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Budget & Taxes
PA HOUSE CANCELS VOTE ON CIGARETTE TAX: The prospects for a cigarette tax bill providing emergency funding for Philadelphia schools were thrown into limbo last month when Republicans who control the state's Senate made some last minute changes to the measure (see PHILADELPHIA CIGARETTE TAX IN LIMBO in the July 21 issue of SNCJ). And those prospects took another downward turn last week when House Republican leaders canceled a vote on the bill (HB 1177), citing a lack of consensus on it.
The House is scheduled to reconvene in mid-September, when it could reconsider the issue. And Rep. Mike Vereb (R), for one, is optimistic a bill will ultimately be passed.
"We'll take that time to meet with members face-to-face for the next month and see what their issues were, try to turn them to 'yes' votes, and I'm very confident with more time on our hands, and the money to open the schools being fronted, that the pressure will be off in terms of trying to force people to vote, and then just try to educate them and encourage them to vote for this legislation," he said in a radio interview.
But in the meantime, House leaders have asked Gov. Tom Corbett (R) to advance enough money to allow Philadelphia's schools to open on time in September. Corbett is willing to do so, according to a spokesman for the governor.
"This is about putting children of Philadelphia first," said spokesman Jay Pagni. "The governor is prepared, if need be, to advance funding once the final request is made of him."
It's unclear, however, whether that move would actually avert the 1,000-plus school employee layoffs and delayed start for 130,000-plus students some Philadelphia officials have predicted. What does seem clear is that an advance on school funding would not be a permanent fix for the city's struggling school district.
"The problem with this is, it's not new money," said Mark McDonald, a spokesman for Philadelphia Mayor Michael Nutter. "What the School District needs is new additional funds." (PHILADELPHIA INQUIRER)
STATES EYE CONGRESSIONAL ACTION ON INTERNET TAX FREEDOM: The federal law banning states and local governments from imposing taxes on Internet access — first enacted in 1998 and renewed three times since — is set to expire on Nov. 1. Because the Internet Tax Freedom Act's expiration date is just days before the midterm elections, it's likely Congress will extend the moratorium. But the potential form that extension could take has many state and local officials on edge.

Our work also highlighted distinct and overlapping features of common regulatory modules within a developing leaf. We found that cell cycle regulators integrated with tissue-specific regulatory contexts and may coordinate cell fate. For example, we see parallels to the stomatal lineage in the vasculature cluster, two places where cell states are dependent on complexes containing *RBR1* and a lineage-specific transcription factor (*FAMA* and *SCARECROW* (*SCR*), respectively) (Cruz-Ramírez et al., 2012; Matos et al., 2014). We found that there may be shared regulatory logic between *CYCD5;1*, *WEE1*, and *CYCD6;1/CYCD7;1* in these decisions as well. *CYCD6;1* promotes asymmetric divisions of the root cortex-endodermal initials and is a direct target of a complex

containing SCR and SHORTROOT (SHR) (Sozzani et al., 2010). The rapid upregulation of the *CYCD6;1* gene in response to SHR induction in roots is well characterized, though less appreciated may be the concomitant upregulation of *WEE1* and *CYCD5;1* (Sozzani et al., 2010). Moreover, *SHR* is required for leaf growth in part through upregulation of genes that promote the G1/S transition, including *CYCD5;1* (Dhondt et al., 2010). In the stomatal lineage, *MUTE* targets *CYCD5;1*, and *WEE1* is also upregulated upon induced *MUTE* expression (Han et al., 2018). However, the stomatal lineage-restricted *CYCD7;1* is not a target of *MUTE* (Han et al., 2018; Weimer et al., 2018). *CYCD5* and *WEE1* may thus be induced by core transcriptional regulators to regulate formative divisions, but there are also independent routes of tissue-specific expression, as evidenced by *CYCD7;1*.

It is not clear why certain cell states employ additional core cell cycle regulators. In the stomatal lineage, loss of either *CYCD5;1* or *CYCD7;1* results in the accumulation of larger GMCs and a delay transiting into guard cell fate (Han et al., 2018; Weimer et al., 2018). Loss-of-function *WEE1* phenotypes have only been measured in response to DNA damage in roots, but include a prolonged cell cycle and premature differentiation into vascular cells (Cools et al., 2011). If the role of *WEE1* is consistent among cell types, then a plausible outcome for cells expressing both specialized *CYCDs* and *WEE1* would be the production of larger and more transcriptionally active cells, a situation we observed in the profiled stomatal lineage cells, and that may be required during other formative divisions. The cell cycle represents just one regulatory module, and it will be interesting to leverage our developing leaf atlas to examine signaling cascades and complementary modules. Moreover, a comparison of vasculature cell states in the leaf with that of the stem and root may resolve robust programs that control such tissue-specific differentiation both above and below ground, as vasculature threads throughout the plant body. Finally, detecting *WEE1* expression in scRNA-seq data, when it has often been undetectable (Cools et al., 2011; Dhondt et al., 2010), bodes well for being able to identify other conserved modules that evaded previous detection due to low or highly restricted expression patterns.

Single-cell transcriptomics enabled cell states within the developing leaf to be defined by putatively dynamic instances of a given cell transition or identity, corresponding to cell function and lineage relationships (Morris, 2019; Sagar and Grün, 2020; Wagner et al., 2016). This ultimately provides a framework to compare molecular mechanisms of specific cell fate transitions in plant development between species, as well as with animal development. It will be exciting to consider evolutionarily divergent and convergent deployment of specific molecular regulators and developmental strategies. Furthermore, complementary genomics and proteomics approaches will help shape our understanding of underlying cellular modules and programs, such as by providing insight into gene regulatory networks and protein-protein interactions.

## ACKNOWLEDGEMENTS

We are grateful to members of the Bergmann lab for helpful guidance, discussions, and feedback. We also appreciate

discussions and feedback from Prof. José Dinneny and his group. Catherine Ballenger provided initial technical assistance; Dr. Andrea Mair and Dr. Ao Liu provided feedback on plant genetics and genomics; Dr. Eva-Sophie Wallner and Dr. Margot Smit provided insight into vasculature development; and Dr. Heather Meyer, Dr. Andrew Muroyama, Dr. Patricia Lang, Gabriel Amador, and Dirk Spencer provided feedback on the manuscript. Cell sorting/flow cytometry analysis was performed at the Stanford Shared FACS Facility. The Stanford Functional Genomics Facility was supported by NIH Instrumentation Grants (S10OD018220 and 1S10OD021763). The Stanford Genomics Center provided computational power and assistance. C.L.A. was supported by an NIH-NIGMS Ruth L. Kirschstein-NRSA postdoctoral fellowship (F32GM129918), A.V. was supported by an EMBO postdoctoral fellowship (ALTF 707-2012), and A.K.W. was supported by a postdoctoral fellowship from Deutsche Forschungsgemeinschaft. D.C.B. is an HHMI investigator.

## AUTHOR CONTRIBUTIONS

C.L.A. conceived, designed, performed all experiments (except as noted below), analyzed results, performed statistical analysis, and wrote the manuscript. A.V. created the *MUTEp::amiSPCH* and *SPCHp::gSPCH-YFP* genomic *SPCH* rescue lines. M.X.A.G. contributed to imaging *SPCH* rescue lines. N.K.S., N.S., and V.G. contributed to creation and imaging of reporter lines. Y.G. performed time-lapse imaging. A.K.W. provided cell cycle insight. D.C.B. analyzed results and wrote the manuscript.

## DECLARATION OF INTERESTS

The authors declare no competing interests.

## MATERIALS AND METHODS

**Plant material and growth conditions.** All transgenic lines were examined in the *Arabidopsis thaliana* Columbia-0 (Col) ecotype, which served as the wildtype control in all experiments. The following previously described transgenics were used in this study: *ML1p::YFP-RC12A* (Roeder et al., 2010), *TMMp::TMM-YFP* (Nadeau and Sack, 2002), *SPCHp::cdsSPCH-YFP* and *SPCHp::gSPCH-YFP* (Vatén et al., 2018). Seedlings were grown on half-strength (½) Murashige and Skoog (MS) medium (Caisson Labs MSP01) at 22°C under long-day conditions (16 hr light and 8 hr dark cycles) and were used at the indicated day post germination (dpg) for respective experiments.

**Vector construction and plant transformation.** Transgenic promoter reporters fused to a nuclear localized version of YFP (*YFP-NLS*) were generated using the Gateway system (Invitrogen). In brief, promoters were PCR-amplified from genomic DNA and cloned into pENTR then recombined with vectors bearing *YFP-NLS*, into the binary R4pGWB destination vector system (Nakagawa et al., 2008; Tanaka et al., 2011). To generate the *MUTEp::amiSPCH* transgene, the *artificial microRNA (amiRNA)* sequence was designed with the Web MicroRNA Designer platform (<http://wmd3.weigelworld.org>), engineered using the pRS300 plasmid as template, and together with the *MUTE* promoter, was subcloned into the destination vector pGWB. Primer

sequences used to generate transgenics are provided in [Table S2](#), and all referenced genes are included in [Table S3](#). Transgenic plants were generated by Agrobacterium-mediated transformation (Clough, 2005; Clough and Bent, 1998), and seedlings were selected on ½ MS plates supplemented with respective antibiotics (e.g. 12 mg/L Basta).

Last month, the U.S. House approved HR 3086, which would make the ban on Internet access taxes permanent and also require the seven states grandfathered in under the law over the years — Hawaii, New Mexico, North Dakota, Ohio, South Dakota, Texas and Wisconsin — to stop collecting those taxes. The seven states and their local governments would lose about $500 million in revenues each year as a result. But such a ban could also impact many other states, with more and more consumers switching from landline telephones and cable television, which many states tax, to Internet-based services like VoIP and broadband.
"We are losing taxes as we speak and Congress is not being sensitive to that," said assistant executive director of the U.S. Conference of Mayors, Larry Jones. "What it does is close the doors for us from being able to get any revenues from anything having to do with broadband." (STATELINE.ORG)
MO VOTERS SAY NO TO SALES TAX HIKE: Missouri voters rejected a sales tax increase last Tuesday that would have provided billions of dollars to repair the state's transportation infrastructure.
After years of working on the issue, lawmakers finally passed a proposed constitutional amendment this year that, if approved by voters, would have frozen the state's gas tax, imposed a moratorium on new toll roads and boosted the sales tax by three-quarters of a cent for 10 years. But Amendment 7 was broadly criticized for shifting the method of transportation funding away from fuel taxes and vehicle fees to the sales tax, which is more burdensome for the poor. And the measure was defeated by a sizeable margin, 59.2 percent to 40.8 in unofficial results.
"It's difficult to pass a tax increase in Missouri," said Terry Ganey, spokesman for Missourians for Better Transportation Solutions, a group that opposed the measure. "It's impossible to pass an unfair tax increase in Missouri." (KANSAS CITY STAR)
BUDGETS IN BRIEF: CALIFORNIA's new $152.3 billion state budget — 8.6 percent larger than last year's — significantly boosts spending for education and includes a 32-year plan to fully fund the teachers' pension system (REUTERS). • Twelve of ILLINOIS' historic sites and memorials, including Lincoln's Tomb in Springfield, will be closed extra days each week or be open fewer hours earlier in the year than normal to cut costs (CHICAGO TRIBUNE). • Two San Diego, CALIFORNIA-based companies that provide 1,450 jobs — software maker Active Network and fleet management company Omnitracs — will receive nearly $14 million in incentives to relocate to Dallas, TEXAS (DALLAS MORNING NEWS). • Digital Domain Media Group, the FLORIDA visual effects firm that resurrected deceased musician Tupac Shakur at CALIFORNIA's Coachella Music Festival in 2012, filed for bankruptcy six months later, saddling Sunshine State taxpayers with $37 million in debt that continues to live on (BLOOMBERG). • Last week, Standard & Poor's became the second bond rating agency to downgrade KANSAS' credit rating due in part to budget pressures imposed by the major income tax cuts enacted by the state. Moody's Investors Service took similar action in May (KANSAS CITY STAR).
- Compiled by KOREY CLARK
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